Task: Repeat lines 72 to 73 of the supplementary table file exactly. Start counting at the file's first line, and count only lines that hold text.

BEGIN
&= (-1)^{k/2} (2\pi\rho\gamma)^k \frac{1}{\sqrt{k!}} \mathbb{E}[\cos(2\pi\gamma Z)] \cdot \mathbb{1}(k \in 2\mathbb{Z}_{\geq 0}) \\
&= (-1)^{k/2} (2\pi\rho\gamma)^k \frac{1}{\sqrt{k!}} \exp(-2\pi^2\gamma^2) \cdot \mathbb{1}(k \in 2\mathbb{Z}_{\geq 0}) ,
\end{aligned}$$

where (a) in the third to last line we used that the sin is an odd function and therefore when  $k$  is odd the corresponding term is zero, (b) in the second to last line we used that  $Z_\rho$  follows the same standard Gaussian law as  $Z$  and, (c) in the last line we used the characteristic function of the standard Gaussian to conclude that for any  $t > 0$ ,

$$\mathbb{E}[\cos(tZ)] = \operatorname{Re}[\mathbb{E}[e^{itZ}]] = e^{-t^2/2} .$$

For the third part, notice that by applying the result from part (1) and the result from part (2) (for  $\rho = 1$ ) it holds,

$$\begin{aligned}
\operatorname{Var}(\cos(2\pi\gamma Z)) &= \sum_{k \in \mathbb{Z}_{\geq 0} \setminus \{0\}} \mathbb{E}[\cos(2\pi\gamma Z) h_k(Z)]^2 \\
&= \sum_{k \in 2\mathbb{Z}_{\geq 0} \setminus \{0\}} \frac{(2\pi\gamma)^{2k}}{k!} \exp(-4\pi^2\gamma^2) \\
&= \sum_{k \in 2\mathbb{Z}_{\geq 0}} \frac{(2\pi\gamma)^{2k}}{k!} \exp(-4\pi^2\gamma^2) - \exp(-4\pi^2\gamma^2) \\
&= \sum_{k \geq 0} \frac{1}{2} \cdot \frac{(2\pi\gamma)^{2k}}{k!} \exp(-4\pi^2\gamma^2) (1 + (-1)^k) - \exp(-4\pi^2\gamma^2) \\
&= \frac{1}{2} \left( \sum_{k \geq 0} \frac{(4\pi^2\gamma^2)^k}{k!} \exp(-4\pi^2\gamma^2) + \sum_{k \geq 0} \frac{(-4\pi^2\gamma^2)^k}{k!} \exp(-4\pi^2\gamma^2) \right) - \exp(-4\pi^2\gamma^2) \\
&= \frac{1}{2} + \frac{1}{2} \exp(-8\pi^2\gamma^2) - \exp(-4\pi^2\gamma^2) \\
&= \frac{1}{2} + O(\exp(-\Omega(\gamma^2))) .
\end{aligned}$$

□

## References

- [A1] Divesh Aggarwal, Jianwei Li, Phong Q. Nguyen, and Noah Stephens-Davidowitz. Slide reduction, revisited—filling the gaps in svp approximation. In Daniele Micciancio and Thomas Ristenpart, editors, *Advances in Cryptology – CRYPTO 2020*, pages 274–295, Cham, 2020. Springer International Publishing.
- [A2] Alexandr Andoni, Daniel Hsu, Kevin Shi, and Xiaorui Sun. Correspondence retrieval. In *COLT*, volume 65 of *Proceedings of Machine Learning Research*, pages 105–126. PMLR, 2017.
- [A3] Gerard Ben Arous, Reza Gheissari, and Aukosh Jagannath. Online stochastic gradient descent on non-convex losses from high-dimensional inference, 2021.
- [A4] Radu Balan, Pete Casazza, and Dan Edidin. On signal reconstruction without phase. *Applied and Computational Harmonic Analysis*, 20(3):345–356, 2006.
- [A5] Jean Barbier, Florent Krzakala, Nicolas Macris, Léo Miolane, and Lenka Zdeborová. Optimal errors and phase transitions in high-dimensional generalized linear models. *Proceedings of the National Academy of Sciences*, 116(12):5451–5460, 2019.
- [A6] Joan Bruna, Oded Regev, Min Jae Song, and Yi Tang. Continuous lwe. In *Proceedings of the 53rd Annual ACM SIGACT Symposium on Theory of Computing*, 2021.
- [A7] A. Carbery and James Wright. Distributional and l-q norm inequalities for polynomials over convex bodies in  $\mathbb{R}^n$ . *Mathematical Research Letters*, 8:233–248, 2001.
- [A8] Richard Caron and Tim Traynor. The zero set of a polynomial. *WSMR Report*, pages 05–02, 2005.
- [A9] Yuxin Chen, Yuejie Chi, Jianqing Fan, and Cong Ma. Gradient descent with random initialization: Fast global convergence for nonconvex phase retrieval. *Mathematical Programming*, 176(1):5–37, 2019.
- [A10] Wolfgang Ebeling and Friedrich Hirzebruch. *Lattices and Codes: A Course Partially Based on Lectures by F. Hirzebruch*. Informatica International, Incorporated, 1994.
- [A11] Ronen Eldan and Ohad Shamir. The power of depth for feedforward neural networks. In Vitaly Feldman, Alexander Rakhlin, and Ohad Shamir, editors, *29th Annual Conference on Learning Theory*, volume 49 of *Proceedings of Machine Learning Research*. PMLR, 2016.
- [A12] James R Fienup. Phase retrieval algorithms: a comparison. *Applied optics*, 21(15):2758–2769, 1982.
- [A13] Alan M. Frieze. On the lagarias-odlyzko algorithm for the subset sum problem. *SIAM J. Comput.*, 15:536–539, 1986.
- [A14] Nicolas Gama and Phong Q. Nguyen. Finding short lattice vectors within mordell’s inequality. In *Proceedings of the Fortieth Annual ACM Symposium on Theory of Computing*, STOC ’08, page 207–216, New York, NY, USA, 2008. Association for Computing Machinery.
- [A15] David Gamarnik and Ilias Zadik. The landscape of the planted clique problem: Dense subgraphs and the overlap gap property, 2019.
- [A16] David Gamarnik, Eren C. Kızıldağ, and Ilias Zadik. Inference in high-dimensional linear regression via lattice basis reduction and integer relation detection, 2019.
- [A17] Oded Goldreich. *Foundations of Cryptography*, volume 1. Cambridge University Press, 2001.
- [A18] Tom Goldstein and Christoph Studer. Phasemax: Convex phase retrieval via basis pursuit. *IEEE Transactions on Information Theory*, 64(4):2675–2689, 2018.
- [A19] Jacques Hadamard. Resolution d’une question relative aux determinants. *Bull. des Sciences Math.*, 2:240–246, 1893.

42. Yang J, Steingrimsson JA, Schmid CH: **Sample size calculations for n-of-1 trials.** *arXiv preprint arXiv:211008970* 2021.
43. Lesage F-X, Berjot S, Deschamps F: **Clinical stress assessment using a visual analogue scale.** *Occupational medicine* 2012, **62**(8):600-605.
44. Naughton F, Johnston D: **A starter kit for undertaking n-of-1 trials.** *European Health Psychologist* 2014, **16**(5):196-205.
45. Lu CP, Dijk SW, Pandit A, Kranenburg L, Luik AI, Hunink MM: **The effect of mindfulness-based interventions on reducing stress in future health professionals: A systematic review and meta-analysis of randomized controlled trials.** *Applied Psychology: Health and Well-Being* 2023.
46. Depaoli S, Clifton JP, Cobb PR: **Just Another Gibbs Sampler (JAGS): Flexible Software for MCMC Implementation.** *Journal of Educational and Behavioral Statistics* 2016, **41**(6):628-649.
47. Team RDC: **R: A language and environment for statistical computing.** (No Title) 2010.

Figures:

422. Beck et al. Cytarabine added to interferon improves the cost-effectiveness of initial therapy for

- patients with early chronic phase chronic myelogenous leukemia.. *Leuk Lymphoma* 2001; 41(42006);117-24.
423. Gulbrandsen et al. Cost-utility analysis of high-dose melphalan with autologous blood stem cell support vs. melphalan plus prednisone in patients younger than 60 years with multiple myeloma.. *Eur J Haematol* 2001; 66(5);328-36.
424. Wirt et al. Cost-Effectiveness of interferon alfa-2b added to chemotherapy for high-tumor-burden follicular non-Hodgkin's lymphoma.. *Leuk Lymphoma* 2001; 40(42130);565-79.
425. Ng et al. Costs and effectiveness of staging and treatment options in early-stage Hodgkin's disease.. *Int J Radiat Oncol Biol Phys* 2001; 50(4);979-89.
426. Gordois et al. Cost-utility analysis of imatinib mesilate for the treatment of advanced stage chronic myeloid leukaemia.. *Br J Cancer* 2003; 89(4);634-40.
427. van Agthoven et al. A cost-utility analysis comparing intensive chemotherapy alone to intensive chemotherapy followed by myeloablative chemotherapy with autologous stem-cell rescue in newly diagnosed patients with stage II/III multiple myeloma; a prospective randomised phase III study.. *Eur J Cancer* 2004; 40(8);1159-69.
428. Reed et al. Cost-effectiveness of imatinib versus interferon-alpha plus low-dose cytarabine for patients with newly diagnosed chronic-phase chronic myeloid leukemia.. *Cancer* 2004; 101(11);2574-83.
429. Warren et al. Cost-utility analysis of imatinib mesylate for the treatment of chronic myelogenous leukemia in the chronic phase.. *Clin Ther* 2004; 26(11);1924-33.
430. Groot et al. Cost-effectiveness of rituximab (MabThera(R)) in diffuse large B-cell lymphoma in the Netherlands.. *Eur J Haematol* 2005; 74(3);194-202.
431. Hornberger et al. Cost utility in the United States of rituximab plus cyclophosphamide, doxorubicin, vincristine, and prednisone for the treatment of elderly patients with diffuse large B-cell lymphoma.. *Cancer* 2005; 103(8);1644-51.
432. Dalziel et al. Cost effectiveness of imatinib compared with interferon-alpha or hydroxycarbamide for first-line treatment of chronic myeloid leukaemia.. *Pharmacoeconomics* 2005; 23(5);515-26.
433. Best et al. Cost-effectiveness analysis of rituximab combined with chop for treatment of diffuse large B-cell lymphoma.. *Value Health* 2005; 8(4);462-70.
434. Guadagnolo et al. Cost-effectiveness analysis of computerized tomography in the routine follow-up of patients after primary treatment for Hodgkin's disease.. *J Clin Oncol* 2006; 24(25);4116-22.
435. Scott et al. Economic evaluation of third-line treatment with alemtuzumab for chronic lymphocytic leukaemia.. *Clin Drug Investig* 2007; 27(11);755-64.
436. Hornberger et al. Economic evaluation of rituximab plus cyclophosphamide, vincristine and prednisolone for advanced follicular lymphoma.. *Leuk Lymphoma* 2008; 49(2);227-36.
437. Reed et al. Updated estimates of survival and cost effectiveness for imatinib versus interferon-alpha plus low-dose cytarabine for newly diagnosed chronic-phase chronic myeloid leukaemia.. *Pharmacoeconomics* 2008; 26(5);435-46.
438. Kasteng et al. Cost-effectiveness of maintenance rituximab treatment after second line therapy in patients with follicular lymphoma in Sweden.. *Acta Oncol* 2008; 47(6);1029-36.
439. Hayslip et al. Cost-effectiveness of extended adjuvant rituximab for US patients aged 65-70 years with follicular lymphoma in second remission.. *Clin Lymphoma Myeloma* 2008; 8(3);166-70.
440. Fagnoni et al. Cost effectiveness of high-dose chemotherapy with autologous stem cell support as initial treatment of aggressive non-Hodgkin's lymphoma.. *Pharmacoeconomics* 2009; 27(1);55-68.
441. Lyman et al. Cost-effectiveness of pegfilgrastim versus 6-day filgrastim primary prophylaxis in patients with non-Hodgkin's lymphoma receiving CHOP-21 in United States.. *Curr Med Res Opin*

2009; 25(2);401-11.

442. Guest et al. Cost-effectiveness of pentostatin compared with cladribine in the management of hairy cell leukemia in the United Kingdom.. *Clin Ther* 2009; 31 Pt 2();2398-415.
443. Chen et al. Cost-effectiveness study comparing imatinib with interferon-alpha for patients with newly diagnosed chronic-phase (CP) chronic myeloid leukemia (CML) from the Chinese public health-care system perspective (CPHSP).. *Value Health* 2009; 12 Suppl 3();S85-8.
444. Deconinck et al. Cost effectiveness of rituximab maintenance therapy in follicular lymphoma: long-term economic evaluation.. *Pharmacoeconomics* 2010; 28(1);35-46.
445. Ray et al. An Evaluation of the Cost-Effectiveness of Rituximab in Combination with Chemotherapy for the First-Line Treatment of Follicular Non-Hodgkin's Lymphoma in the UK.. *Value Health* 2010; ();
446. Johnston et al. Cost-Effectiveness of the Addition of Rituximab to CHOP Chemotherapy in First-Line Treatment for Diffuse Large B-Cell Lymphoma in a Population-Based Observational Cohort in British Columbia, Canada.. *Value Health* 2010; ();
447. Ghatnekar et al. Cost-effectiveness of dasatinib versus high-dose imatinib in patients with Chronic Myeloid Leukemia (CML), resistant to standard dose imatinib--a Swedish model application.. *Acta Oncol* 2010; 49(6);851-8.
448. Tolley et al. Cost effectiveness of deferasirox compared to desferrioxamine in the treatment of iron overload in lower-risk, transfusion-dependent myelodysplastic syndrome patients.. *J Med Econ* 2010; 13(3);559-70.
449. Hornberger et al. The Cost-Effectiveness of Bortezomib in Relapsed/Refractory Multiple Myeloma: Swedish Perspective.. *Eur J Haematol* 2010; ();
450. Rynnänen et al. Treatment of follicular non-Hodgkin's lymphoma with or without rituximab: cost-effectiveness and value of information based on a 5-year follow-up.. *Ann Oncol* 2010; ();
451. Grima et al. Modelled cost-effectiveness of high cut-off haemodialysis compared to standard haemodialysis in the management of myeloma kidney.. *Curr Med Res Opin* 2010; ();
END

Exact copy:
448. Tolley et al. Cost effectiveness of deferasirox compared to desferrioxamine in the treatment of iron overload in lower-risk, transfusion-dependent myelodysplastic syndrome patients.. *J Med Econ* 2010; 13(3);559-70.
449. Hornberger et al. The Cost-Effectiveness of Bortezomib in Relapsed/Refractory Multiple Myeloma: Swedish Perspective.. *Eur J Haematol* 2010; ();